History Repeats Itself: What Hot New Technology Has in Common With the Development of Basketball
June 12, 2019
By Noel Courage
It’s basketball playoff time! The history of basketball is well known. A Canadian, James Naismith, in Massachusetts, invented the game in 1891. It was merely a recreational pursuit, not a commercial enterprise. The game has since spread widely, for both love and money.
This article provides a fun look at the evolution of basketball, and some elements it has in common with modern, start-up technology. Innovation improved the tools of the game gradually over time. There were both incremental improvement and disruptive advances. This is similar to how many new products are invented by companies and universities in new technology areas.
Resourcefulness – working with what you have on hand
In product development, resourcefulness often involves “bootstrapping”, meaning working with what you have on hand. It may be glue and duct tape holding mechanical devices together. It could be 3D printing of components. Perhaps combining off the shelf parts and electronics in a new configuration. Do whatever it takes to get the product built for testing.
Naismith had two peach baskets and a soccer ball to test his game. He had initially wanted to use boxes, but they were not readily available. He mounted the baskets on the lower rail of the gym’s balcony, about 10 feet off the ground. When a basket was scored, a janitor would go up a ladder and retrieve the ball from the peach basket. An 1890’s soccer ball with laces was light and not entirely smooth. It would not be easy to control that ball when dribbling in traffic, but that only matters later on - no dribbling was allowed in the original rules - running was prohibited once you had the ball!
A high tech example would be the continuous improvement in computer storage media and capacity. Also, think of your smart phone now compared to the one you had ten years ago. Sometimes, subtle refinements that look obvious in hindsight can actually be tricky and require a lot of problem-solving. Why didn’t I think to put the four wheels of a conventional roller skate in the in-line configuration?
An early, incremental improvement to the basketball bucket was to cut a small hole in it so that a broom-handle could be used to push the ball back out. Seems odd - isn’t it obvious to just cut the entire bottom out? Not so fast. If it is cut all the way out, then there is an issue as to whether one can properly judge whether certain shots went straight through or were an airball. If the hole is cut fractionally larger than the ball, then this mostly solves the basket/no basket judgment issue, but then the bottom of the old peach basket would be weakened and eventually get knocked out. Closed nets were next.
Incremental improvements are not glamorous, but provide great opportunities to create value.
Disruptive technology displaces the established technology and shakes up the game. Think of artificial intelligence, drones, CRISPR or blockchain.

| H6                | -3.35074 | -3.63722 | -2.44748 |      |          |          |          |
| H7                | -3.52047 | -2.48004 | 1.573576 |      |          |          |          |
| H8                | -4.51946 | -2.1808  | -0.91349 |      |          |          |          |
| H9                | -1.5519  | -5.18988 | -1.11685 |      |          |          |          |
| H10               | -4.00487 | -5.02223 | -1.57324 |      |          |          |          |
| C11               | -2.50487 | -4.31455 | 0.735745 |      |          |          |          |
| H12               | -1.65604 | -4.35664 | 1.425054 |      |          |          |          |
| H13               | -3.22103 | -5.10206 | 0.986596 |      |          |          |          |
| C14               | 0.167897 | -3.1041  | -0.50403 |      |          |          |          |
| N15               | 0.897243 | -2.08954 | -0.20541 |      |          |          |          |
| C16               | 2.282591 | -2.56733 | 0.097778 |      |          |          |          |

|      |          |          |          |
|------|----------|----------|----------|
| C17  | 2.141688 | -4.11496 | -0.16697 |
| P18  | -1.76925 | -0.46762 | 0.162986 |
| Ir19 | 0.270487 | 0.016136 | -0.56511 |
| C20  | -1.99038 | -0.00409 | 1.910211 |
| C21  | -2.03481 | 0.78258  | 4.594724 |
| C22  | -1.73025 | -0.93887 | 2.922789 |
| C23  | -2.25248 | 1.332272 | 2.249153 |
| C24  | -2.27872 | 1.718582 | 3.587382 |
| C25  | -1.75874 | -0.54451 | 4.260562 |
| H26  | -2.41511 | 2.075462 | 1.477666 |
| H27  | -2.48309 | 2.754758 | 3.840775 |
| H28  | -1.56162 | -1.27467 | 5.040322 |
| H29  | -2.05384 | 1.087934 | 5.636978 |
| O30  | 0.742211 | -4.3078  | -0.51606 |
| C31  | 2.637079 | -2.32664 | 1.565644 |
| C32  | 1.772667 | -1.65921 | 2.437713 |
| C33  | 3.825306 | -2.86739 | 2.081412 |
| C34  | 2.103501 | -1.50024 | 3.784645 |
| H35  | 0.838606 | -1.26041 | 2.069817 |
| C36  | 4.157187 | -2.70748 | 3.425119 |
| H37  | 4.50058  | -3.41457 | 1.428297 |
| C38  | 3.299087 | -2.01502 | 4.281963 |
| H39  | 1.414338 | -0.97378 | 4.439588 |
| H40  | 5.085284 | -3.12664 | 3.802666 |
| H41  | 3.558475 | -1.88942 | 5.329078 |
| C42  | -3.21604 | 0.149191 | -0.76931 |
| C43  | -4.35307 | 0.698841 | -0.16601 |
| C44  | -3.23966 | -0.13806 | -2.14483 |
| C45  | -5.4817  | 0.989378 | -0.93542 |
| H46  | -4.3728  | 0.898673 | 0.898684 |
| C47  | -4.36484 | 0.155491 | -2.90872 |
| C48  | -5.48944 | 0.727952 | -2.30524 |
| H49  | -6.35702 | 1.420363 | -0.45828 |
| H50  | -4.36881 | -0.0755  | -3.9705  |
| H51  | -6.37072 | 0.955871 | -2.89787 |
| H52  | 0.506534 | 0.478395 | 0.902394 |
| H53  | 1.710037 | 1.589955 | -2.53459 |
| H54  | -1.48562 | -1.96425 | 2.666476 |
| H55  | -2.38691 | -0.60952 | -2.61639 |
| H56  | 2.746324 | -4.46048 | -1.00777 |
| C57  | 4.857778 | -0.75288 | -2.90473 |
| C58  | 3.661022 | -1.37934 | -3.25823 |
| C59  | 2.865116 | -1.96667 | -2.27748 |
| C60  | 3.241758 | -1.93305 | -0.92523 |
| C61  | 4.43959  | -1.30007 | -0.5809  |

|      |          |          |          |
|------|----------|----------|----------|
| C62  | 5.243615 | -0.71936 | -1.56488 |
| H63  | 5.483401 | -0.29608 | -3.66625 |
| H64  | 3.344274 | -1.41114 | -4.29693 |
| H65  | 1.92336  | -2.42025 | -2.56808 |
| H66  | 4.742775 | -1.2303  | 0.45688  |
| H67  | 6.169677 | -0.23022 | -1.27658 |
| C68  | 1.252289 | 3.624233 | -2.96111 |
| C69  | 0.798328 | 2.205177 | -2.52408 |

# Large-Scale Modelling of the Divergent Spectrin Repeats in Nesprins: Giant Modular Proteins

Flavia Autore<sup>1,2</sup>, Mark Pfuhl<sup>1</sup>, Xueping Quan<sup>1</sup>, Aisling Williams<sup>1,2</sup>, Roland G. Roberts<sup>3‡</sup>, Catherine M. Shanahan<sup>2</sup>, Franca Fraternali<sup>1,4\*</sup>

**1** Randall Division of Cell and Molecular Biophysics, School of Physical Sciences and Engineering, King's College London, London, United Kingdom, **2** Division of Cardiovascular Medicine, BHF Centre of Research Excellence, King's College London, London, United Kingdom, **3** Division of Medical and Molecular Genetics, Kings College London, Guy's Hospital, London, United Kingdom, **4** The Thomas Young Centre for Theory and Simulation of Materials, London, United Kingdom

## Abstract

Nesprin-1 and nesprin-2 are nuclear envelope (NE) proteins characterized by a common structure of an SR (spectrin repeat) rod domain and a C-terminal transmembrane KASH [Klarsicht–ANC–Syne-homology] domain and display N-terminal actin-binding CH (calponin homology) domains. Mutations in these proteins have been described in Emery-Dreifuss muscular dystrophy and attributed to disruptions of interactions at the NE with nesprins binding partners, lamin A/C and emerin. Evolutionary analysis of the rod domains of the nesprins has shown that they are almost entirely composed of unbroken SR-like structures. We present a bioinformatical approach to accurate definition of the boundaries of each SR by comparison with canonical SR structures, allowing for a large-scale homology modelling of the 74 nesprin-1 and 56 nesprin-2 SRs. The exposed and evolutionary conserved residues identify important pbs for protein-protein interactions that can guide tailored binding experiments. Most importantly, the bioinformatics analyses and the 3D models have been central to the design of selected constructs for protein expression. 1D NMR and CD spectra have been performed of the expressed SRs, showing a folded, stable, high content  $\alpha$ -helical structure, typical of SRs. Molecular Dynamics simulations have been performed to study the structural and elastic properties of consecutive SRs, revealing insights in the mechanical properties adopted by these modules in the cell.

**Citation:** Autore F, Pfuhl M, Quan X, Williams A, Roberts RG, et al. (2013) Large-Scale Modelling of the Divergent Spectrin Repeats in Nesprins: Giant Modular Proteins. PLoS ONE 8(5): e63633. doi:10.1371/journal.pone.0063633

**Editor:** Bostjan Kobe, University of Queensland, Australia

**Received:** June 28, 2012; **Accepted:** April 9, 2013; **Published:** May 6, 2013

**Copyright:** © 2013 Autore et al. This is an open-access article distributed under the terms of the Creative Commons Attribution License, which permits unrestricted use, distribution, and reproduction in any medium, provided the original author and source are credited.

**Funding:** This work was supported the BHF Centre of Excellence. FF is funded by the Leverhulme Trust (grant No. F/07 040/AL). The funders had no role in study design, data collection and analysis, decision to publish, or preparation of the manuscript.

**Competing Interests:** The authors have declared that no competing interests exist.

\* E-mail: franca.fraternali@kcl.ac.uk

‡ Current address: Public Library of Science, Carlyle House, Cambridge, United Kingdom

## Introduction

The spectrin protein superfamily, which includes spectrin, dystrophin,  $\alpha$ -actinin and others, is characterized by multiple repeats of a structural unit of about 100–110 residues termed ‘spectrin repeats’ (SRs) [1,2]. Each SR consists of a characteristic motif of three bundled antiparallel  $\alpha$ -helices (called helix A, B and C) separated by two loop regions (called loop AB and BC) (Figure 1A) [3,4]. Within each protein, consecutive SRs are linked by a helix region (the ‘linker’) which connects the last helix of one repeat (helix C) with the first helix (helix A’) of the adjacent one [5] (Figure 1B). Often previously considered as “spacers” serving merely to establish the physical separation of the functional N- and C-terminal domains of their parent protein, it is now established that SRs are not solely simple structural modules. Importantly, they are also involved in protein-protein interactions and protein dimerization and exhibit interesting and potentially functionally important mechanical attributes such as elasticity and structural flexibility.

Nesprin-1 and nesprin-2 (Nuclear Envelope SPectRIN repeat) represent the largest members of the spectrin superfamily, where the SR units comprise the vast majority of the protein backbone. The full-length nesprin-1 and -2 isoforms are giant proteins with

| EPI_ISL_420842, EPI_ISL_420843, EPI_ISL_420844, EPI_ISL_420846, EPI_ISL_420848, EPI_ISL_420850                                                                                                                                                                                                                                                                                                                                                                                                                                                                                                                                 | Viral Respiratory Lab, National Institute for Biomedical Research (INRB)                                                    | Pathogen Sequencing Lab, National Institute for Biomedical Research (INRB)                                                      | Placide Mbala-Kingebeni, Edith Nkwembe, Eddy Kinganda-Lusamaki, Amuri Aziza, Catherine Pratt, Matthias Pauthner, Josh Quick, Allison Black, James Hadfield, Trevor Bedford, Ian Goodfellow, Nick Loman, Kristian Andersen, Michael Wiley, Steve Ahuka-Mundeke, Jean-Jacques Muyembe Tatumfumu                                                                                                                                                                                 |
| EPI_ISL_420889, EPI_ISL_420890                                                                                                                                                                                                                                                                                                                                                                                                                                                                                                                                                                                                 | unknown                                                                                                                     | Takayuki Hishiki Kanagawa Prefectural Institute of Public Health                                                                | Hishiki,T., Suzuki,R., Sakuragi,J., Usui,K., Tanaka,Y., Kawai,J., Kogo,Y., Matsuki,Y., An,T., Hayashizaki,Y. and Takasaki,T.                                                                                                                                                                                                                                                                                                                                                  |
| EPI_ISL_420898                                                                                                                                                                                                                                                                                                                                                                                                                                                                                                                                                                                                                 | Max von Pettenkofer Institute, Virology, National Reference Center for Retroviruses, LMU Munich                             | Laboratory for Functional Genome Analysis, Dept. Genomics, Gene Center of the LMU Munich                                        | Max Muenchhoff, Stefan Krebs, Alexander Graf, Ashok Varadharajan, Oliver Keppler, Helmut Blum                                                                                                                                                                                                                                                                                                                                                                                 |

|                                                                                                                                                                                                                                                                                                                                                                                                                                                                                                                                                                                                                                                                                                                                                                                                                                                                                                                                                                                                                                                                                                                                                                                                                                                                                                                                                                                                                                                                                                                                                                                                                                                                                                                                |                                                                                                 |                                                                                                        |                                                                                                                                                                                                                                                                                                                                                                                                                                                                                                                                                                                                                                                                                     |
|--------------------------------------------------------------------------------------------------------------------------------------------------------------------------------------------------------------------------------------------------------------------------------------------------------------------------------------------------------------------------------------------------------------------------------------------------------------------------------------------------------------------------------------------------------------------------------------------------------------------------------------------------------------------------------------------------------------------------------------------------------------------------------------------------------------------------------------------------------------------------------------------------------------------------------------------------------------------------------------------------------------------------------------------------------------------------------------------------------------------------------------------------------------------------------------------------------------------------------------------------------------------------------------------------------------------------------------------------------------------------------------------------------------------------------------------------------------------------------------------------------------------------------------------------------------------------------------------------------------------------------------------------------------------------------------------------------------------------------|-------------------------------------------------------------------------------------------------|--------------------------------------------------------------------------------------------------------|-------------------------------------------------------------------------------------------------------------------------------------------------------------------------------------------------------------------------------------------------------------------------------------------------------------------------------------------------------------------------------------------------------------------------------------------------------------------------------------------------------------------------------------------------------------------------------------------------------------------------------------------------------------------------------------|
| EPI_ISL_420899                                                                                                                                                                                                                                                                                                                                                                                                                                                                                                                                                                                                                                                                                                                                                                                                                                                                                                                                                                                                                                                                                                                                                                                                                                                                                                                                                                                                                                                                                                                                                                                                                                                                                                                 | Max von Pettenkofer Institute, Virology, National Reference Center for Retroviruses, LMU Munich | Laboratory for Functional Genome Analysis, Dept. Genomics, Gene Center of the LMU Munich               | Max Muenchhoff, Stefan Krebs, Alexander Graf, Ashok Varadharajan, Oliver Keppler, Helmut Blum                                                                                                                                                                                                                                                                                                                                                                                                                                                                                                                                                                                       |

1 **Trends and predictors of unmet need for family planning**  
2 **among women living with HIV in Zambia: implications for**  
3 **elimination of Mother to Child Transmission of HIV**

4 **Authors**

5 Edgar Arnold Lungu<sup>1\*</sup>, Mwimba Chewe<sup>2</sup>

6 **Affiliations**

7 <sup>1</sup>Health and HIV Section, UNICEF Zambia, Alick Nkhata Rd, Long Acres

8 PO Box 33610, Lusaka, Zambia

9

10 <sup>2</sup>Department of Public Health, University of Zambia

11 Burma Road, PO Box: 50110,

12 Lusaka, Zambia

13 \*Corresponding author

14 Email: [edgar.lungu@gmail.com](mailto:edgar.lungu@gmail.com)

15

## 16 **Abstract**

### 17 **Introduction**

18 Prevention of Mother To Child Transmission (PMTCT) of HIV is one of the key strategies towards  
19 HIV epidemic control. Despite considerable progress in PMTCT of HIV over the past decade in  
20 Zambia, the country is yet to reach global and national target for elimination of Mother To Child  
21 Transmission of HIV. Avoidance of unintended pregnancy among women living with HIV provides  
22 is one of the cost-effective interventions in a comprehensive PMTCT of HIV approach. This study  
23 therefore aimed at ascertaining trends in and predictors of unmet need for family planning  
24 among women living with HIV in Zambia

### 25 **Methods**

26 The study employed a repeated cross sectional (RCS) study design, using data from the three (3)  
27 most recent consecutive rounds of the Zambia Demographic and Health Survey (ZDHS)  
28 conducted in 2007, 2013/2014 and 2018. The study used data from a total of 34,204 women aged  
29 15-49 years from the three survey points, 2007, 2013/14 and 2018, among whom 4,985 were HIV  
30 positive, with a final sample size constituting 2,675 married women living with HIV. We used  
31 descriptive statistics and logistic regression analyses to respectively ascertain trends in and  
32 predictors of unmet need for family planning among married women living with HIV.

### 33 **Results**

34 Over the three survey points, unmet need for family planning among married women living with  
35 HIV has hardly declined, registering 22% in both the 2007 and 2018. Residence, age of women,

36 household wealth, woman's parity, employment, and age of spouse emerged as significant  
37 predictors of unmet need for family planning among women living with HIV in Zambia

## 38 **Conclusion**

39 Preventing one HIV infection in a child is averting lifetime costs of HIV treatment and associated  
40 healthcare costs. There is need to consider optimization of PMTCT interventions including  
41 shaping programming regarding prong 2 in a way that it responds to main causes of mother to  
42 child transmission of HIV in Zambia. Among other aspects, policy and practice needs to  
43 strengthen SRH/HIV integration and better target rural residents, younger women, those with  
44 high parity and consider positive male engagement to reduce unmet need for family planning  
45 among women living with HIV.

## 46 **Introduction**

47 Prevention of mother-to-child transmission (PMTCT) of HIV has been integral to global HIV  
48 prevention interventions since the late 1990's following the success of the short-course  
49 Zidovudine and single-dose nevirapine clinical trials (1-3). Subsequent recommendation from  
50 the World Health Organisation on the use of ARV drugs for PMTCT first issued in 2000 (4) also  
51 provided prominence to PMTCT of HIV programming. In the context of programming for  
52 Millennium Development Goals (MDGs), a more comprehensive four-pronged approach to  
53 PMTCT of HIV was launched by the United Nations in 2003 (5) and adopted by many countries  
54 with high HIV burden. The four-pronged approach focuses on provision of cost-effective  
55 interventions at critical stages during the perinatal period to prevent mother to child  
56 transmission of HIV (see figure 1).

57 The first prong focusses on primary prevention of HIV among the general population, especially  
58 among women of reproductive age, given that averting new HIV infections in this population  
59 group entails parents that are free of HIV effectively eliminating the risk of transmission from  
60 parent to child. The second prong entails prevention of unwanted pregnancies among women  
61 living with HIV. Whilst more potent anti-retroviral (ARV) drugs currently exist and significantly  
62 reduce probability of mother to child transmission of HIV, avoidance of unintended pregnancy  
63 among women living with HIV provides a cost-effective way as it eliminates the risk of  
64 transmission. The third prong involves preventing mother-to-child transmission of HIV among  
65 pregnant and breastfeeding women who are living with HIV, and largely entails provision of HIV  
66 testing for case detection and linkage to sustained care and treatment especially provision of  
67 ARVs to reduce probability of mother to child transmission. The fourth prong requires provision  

Basketball was played using peach baskets, or similar, for many years. This was ripe for disruption, meaning a whole new approach that changes the way the game operates. In the early 1900’s, peach baskets were replaced by the metal hoops, closed net and backboard combination.
The addition of an open basketball net was not approved for use until 1912. The net can move and alter the path and speed of the ball, making it easier to visually judge when a basket has been scored. It was described by the Hooptactics basketball web site as a, “major milestone for basketball since the free falling ball after a made basket dramatically increased tempo and scoring of the game.”
Users and equipment adapt in response to regulation
Industry changes in response to government regulation, which means that product developers must adapt, and can seize opportunities for new innovation. Consider how environmental regulation of automobile fuel efficiency and emission standards has led to new technology for better gas mileage and reduced emissions.
Basketball started with 13 rules that have multiplied over the years. The FIBA 2018 rulebook has 96 pages. As one example of regulation, in the 1950’s NBA basketball was a slow-moving, defensive game. After many low-scoring and foul-filled games, the NBA changed the rules and implemented a 24 second shot clock. The immediate impact was less of a focus on stalling, and more scoring. This was an opportunity for players and teams to adapt to take advantage of the new regulation. Equipment also evolved with the speed and intensity of the game. For example, there have been many innovations in footwear, bypassing the stalwart Chuck Taylors® of the early 1920’s to arrive at modern professional-calibre shoes, such as Air Jordans®.
Regulation and innovation have also affected rims. The power of professional players led to the invention of nets on hinges, so that players throwing down monster dunks would not be injured or tear down the backboard. Regulatory approval of this rim then encouraged further design improvements. The safer, flexible rim almost never breaks the backboard and has led to innovations in dunking - we could say more about that, but we will just let you see it for yourself in the next game!
Hurry Up and Wait
Basketball evolved over many years, as discussed below. Nobody can wait these days when it comes to developing their particular product in a competitive new industry. Some inventors use rapid prototyping, which uses modern technology to manufacture of high quality prototypes at reasonable cost. However, as fast as a particular company moves, the major technology advances in a new technology area are often still measured in years.
The base fundamentals for successful technology development, past and present, are similar, even though technology is very diverse. Hard work wins games and the technology race!
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